Many of Hahn’s admirers have taken that lesson about mindfulness to heart. Another violinist, Elena Urioste, tried the project two years ago, and “promptly failed on my third day,” she wrote on Instagram. She responded with her own hashtag, #ErraticDaysofPractice.
The rising violinist and hashtag devotee Nancy Zhou said that Hahn “positively reinforces the whole practice culture and what it should be,” and that she was “completely confident” that the star has had an influence.
“It makes them start thinking,” Zhou said of colleagues she had talked with, “about, well, how can they more deeply and more forgivingly look at the way they practice?”
Hahn said that series has been useful to her own routine, though it took her time “to be at one with the public and the private aspects of it.” And there have been periods when filming — or writing analytically about it — has interfered with practice itself. The series eventually dispelled a “cycle of commentary” that fixated on how she played “perfectly,” she said, denying that that was her intention.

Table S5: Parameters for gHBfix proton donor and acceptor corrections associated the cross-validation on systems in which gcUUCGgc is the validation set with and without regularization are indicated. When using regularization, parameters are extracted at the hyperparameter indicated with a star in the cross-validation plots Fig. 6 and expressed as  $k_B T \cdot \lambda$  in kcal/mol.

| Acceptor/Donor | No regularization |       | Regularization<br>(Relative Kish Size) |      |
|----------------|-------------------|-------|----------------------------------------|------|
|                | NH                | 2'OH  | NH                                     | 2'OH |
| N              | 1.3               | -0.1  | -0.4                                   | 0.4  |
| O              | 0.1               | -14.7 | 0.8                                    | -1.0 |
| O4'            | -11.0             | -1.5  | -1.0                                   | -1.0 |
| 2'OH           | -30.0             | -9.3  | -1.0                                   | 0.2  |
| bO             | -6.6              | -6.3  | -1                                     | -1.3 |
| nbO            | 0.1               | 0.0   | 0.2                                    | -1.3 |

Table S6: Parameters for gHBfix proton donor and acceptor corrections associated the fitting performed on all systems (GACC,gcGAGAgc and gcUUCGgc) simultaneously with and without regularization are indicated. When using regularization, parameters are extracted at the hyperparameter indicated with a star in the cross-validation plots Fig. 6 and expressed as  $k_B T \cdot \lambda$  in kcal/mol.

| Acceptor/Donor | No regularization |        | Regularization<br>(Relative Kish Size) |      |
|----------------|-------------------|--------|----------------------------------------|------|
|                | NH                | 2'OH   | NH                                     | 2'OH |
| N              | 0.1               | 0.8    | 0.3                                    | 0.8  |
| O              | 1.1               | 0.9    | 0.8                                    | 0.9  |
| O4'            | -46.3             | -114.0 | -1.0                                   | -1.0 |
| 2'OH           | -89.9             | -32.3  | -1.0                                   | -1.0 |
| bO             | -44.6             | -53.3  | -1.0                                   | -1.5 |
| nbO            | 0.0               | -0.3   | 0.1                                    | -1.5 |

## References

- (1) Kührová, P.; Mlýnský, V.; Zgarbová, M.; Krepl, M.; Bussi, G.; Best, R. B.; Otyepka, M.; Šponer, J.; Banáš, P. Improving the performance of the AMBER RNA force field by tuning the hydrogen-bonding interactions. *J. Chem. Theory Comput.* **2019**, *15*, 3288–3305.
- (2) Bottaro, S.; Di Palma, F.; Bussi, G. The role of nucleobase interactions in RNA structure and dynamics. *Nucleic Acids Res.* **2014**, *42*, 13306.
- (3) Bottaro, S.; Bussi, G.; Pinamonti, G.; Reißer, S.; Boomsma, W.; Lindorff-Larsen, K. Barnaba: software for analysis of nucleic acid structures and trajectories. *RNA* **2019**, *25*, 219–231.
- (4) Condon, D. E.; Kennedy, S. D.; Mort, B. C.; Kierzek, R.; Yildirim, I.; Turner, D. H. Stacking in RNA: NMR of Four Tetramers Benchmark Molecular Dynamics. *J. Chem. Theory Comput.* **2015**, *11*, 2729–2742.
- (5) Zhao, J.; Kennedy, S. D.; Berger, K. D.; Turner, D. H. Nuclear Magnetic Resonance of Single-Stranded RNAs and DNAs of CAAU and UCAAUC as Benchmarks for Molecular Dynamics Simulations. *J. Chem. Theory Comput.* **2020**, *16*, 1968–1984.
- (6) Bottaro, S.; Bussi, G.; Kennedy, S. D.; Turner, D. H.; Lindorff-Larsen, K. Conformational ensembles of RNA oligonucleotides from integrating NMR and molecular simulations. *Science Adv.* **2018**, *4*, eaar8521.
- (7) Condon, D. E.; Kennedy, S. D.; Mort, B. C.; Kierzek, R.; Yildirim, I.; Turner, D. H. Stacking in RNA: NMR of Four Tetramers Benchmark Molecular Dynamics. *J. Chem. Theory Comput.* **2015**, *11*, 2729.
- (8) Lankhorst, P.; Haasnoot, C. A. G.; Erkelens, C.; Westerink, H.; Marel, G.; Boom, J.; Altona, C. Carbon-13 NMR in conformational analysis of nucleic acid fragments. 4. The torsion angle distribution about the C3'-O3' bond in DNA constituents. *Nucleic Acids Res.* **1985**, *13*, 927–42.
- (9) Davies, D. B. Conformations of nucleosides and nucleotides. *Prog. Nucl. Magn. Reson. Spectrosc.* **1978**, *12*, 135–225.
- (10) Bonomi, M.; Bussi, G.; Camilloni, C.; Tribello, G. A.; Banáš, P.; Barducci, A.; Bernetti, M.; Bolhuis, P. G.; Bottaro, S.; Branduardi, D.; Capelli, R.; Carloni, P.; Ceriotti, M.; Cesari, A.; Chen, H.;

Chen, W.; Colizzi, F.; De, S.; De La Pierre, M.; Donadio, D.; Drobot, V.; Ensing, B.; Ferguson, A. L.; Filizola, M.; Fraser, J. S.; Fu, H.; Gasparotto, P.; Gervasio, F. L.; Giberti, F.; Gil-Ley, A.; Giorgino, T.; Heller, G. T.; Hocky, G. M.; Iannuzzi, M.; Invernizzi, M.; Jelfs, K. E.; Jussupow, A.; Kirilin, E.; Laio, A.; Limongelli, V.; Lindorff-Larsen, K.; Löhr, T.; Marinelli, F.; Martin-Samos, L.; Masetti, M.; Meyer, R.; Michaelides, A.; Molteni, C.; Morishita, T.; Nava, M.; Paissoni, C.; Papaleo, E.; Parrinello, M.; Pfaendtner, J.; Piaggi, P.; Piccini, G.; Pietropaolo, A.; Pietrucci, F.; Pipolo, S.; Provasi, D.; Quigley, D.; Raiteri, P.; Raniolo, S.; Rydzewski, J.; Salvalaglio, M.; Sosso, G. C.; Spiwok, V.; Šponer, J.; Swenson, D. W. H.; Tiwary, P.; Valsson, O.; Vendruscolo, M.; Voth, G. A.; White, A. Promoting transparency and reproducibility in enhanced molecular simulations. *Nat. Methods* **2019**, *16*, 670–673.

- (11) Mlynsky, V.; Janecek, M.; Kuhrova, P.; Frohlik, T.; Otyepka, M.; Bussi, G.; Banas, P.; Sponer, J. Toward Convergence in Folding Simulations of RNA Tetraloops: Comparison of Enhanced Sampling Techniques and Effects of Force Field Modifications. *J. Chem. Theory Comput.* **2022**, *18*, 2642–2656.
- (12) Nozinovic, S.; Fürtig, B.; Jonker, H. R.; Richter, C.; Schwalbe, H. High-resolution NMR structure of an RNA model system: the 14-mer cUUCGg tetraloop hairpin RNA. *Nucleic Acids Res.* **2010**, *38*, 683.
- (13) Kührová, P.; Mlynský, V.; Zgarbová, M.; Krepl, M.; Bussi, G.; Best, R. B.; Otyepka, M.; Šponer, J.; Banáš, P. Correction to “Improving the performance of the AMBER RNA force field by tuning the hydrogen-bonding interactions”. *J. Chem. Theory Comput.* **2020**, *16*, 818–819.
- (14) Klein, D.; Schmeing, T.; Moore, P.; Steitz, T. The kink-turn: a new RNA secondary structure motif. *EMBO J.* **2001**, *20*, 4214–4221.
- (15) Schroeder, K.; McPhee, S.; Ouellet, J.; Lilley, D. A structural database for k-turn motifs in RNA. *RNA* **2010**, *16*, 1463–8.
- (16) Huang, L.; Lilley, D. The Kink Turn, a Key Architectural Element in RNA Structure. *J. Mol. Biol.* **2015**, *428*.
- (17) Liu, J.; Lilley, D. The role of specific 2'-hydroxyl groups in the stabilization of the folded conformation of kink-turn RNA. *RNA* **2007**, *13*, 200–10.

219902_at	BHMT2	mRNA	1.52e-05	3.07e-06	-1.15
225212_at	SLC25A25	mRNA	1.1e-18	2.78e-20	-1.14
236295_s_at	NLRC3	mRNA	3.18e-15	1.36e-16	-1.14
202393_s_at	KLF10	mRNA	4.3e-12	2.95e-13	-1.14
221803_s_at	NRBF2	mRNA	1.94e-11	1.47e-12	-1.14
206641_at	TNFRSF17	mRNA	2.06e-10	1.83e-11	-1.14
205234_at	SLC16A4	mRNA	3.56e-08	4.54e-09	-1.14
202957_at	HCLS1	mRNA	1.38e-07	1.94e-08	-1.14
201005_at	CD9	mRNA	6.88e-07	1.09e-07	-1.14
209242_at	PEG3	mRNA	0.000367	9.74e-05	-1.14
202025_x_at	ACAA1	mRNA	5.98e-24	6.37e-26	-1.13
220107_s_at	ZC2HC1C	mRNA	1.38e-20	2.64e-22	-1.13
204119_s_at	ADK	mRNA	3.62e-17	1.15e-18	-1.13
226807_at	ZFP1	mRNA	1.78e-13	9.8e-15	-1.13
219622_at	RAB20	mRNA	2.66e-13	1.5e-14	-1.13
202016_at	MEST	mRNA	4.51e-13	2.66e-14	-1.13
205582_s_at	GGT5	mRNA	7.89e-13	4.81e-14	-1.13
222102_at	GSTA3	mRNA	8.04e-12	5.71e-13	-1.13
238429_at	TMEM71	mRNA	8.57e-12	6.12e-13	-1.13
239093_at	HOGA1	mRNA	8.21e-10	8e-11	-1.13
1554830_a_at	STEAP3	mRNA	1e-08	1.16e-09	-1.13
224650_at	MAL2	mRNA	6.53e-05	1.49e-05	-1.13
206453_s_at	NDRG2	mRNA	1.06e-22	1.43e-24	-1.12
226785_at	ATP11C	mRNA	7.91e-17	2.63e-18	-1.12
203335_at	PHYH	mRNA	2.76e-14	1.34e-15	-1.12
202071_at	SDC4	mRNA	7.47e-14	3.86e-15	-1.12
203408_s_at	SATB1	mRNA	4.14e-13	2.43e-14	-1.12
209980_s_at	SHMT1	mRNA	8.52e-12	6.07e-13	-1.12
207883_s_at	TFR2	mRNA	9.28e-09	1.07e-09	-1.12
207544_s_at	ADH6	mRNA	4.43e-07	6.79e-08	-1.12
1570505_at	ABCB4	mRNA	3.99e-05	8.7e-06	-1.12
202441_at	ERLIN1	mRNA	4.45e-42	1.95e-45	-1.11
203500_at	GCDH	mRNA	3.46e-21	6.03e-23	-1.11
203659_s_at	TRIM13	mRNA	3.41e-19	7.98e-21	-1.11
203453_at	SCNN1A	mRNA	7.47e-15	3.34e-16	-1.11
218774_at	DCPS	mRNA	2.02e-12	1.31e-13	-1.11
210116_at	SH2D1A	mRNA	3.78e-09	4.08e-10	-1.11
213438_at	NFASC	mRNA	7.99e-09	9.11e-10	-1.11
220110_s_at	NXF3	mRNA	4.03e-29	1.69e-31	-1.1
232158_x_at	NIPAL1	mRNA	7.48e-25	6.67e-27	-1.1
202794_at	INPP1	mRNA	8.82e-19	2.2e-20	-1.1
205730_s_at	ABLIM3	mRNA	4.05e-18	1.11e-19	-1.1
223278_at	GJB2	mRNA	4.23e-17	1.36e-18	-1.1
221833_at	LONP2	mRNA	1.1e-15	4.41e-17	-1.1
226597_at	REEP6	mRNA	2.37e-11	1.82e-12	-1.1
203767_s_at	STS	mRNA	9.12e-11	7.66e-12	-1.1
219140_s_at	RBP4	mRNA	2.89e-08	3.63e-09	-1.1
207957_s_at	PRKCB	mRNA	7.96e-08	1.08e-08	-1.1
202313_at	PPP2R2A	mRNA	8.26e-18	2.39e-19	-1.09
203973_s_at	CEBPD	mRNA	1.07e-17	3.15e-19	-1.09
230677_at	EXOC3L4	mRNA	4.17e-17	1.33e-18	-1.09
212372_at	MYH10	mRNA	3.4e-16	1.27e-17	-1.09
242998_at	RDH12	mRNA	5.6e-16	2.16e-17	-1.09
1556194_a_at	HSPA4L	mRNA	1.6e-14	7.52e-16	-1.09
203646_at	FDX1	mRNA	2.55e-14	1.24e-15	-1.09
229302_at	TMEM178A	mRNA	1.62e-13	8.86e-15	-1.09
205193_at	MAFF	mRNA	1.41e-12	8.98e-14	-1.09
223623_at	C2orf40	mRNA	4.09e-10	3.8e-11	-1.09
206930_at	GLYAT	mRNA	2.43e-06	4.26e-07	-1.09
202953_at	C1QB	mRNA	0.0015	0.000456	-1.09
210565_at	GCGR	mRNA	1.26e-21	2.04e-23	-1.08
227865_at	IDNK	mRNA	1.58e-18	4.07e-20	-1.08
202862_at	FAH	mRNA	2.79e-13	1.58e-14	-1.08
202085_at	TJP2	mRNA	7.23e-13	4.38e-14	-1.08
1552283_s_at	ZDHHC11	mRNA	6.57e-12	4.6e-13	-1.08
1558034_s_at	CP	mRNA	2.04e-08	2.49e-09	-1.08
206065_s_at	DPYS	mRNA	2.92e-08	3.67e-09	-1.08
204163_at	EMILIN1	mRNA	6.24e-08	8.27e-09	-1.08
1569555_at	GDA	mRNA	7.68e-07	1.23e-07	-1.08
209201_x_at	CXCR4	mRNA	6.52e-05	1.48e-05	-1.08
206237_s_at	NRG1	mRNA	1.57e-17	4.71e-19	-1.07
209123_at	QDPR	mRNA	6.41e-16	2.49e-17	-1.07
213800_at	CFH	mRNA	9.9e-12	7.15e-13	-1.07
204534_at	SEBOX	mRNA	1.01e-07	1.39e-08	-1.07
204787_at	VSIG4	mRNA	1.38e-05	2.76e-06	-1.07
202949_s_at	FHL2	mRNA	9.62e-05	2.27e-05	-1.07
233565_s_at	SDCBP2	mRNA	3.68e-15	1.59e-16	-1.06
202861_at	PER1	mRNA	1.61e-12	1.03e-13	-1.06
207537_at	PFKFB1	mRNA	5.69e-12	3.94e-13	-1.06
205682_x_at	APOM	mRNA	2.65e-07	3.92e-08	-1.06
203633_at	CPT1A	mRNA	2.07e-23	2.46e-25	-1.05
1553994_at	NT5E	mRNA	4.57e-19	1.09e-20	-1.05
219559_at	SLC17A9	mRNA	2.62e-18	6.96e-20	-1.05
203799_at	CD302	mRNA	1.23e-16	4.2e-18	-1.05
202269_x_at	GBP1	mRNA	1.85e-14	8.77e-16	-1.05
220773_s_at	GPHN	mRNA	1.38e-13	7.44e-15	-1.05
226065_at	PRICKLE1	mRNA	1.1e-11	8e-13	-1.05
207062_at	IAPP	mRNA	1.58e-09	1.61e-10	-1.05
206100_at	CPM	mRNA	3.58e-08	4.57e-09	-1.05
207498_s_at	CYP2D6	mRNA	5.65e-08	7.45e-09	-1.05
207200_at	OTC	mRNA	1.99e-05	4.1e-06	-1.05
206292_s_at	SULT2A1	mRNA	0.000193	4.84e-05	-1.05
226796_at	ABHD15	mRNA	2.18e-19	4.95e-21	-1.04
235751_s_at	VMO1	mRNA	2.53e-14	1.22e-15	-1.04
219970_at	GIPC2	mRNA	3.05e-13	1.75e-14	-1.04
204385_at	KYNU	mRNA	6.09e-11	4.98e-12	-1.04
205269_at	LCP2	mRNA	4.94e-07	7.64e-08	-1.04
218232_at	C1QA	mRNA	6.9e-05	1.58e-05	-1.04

But even if Hahn sees her posts as modeling just one possible approach — practice isn’t perfect — and certainly not as lessons in how to practice or play the violin, she has come to accept what she calls their “greater purpose.” She has no plans to stop them just yet.
“As a student, I never saw someone practice,” Hahn said. “I would sort of illegally listen to the wall, or even if I would poke my head into the window to see who was there, then you would duck down. You know, you tried to listen a little bit.”
“We had no idea how people achieved what they achieved,” she continued, “and the fact that people have embraced the project, started doing it themselves, they’re getting comfortable posting stuff that isn’t polished — it feels like maybe the idea was mine, but the game changer is the pickup of this community.”